Electronic Thesis and Dissertation Repository

Thesis Format



Doctor of Philosophy


Gender, Sexuality & Women’s Studies


Knabe, Susan


This dissertation research draws on the lived experience of people who choose to de/retransition in order to complicate simplistic understandings of de/retransition as ‘sex change’ (or postoperative) regret. Specifically, I interpret narratives of de/retransition beyond the dominant framing of ‘sex change’ regret to analyze the ways in which these narratives produce ruptures in normative discourses that constrain trans genders and temporalities of gender transition. My research opens up space for interpreting processes of de/retransition as more complex, nuanced, and productive than they are commonly understood. The dissertation is organized in such a way that each chapter deals with narratives that become progressively personal. As such, the first chapter is an analysis of mainstream media representations of de/retransition, with commentary on topics such as desistance rates, rapid-onset gender dysphoria, and autism. The second chapter rereads Leslie Feinberg’s fictional (or semi-autobiographical?) Stone Butch Blues as a narrative of de/retransition and considers what this narrative adds to contemporary debates in trans studies, specifically with regard to the trans/cis binary and trans temporalities. The third chapter focuses on Brian Belovitch’s memoir, Trans Figured: My Journey From Boy to Girl to Woman to Man, where the topics of trauma, passing, and queer utopia arise. The fourth and final chapter is based on interviews that I have conducted with three participants. In the conclusion to this dissertation I argue that we need to do away with notions of authenticity and regret to an understanding of all (trans) gender subjectivity as relationally constituted and subject to change.

Summary for Lay Audience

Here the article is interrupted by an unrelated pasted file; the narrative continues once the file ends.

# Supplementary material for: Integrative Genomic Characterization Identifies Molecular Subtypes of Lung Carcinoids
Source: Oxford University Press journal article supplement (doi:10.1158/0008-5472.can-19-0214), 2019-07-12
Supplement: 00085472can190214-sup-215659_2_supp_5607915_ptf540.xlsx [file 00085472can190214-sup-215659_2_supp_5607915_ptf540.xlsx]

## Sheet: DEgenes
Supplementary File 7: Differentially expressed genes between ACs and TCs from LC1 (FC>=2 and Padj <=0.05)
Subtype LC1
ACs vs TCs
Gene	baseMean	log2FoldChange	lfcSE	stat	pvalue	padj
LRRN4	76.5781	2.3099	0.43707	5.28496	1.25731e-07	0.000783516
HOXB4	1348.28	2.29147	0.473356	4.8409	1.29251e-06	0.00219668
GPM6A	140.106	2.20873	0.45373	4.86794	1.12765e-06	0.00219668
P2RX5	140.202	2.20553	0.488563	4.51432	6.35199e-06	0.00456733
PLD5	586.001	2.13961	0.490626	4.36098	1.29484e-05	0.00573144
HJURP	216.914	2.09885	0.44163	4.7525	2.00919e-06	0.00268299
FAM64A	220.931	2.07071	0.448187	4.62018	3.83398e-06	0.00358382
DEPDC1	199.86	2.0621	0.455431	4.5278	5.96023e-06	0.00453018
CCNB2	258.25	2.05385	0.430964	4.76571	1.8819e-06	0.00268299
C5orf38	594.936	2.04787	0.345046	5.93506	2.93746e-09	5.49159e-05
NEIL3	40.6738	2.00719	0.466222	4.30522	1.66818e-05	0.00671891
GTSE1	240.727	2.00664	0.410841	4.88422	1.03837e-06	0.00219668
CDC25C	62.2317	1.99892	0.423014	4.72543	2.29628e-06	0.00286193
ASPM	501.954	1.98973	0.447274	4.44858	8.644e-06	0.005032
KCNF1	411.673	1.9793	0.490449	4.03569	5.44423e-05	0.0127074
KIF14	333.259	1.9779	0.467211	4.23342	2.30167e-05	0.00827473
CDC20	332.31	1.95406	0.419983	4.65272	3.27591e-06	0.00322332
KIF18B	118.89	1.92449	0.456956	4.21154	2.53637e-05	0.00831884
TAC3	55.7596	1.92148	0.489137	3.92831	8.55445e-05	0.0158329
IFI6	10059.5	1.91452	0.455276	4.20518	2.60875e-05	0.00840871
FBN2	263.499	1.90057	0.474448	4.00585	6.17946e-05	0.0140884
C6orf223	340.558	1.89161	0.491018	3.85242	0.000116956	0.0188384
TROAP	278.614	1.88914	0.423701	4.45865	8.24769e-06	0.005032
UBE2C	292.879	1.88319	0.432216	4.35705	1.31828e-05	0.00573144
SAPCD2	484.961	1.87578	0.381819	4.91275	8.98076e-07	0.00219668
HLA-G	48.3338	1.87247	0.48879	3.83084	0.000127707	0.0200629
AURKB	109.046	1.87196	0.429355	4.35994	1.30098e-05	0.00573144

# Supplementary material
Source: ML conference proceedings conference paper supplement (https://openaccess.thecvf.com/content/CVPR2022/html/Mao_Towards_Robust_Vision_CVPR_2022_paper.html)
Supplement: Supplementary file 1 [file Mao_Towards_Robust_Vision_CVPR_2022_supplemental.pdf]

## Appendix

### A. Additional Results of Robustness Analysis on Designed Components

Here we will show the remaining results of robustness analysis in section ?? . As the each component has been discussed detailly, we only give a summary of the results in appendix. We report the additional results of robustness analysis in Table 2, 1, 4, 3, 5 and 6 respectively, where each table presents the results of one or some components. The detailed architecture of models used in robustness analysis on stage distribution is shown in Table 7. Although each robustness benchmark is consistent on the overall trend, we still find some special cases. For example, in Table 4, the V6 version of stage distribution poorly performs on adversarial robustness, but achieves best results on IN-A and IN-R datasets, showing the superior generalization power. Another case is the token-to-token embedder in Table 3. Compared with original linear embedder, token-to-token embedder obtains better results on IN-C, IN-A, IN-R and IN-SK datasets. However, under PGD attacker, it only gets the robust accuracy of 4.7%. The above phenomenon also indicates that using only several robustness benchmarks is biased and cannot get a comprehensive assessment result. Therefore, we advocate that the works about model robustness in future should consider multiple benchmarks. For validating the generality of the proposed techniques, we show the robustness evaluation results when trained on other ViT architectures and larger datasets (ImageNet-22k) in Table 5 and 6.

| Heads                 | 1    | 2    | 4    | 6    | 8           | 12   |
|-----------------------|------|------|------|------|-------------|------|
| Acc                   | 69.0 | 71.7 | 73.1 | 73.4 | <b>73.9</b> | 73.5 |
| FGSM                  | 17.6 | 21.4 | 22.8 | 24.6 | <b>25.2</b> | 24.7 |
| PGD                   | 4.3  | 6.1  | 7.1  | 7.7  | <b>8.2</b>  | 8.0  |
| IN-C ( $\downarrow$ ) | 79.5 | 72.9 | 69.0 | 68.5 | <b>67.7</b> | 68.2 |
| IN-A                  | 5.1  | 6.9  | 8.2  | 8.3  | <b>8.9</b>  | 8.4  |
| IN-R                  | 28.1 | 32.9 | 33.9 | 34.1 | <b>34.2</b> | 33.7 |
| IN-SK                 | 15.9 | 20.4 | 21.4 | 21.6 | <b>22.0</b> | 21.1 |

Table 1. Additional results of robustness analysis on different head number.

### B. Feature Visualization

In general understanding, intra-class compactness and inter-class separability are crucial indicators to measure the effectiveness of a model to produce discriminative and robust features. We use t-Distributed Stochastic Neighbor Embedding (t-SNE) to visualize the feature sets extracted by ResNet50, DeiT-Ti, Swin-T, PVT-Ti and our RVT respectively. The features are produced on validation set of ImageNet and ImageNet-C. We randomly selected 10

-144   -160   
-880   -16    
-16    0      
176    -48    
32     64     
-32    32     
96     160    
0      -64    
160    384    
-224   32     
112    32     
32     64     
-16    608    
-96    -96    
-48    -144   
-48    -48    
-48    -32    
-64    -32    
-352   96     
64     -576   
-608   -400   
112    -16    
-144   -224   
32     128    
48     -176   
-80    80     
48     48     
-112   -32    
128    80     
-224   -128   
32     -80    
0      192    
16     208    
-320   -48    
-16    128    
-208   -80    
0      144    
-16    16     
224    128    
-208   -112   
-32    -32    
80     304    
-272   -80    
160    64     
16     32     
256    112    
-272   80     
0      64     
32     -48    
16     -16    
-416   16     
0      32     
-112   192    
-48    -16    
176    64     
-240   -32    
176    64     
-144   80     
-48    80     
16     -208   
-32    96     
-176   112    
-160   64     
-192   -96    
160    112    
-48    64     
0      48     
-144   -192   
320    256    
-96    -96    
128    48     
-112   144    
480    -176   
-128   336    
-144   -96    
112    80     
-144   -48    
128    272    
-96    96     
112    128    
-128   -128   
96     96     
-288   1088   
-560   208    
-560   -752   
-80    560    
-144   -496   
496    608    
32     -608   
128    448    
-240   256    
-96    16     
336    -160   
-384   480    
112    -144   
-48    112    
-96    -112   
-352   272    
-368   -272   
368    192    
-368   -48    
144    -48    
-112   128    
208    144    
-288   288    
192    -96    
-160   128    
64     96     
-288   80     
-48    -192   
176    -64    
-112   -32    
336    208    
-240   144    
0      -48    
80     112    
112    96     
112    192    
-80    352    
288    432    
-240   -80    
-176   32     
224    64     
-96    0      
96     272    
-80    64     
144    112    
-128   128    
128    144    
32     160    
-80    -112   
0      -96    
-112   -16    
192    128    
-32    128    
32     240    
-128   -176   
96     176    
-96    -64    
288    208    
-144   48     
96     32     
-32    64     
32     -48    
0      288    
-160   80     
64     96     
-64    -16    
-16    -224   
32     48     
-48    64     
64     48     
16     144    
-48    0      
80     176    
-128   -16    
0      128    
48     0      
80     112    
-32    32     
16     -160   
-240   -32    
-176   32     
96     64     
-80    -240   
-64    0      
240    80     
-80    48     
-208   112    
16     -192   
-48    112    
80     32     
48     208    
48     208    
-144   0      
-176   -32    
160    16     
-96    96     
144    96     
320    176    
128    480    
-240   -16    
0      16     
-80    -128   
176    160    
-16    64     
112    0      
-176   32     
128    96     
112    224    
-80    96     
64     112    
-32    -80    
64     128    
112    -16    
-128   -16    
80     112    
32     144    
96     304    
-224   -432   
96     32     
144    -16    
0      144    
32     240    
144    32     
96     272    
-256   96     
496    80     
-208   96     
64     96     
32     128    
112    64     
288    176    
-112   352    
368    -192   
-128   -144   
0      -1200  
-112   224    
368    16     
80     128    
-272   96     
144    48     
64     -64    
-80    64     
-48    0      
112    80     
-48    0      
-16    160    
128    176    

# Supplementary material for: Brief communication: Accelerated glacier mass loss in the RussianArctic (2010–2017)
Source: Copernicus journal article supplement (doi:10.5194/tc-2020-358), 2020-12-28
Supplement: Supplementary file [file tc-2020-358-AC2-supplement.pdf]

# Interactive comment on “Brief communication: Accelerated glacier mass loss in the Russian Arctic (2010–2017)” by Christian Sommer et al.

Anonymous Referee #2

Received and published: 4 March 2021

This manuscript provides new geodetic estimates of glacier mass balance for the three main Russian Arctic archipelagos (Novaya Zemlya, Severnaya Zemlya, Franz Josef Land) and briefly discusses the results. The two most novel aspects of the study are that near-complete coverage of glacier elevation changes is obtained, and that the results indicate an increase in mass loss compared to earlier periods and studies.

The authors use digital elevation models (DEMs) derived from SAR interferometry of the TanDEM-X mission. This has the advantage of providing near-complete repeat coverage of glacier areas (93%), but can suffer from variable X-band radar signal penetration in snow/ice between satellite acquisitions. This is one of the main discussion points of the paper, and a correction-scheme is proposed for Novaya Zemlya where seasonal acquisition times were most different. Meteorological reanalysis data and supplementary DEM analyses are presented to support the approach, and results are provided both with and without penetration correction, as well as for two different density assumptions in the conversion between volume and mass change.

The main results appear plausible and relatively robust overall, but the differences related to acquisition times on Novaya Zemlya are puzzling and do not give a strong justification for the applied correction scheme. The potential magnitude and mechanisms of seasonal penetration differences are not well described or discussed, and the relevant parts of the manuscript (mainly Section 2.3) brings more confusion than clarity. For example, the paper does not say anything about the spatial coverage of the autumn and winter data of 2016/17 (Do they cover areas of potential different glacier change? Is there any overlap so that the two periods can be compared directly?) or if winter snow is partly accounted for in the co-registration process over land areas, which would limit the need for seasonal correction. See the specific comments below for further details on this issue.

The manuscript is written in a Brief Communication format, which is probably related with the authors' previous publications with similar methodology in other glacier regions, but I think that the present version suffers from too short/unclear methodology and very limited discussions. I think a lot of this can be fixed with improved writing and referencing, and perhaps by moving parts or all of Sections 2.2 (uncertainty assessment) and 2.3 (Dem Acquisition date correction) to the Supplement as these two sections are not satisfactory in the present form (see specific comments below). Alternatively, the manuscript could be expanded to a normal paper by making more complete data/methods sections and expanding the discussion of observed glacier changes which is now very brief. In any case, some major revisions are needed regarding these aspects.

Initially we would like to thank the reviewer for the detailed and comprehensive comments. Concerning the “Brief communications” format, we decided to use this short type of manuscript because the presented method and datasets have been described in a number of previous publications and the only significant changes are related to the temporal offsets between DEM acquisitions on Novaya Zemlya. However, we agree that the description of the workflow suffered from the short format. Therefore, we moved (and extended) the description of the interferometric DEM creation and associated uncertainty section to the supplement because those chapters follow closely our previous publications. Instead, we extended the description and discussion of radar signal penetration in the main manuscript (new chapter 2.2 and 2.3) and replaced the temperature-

The visibility of trans people and issues has increased since high-profile celebrities such as Caitlyn Jenner and Laverne Cox have graced the covers of magazines such as Vanity Fair and Time. Along with changes in attitudes in the general public, the medical establishment has moved toward treating trans individuals as autonomous subjects who have the right to access gender affirming treatment with less interference or gatekeeping than was enacted in the past. Best practices for treating and supporting gender dysphoria have shifted from a gatekeeping model of care, where individuals would have to take many steps, or jump through "hoops", to demonstrate their readiness for medical intervention, to the gender affirmative model, where (adult) individuals presenting with symptoms of gender dysphoria receive support that affirms their gender and treats them as capable of making choices regarding gender transition, often based on an informed consent model of care. I argue that the recent (2015 and on) increase in concern around individuals who de/retransition is linked to this shift in approaches to care. The topic of de/retransition serves as a larger spectre of the harms that may occur with a medical system that has too little oversight. In addition to arguing against the moral panic that has arisen from the possibility that people may de/retransition, I also demonstrate an understanding of this process beyond the framing of de/retransition as simply 'regret'. I argue for the understanding of trans subjectivity, like any gendered subjectivity, as being relational and contextual. If we understand gender identity as being constituted relationally and as impacted by social and cultural context, we can take seriously the reasons beyond simple regret, or misdiagnosis, that individuals express when narrating their choices to discontinue living as trans.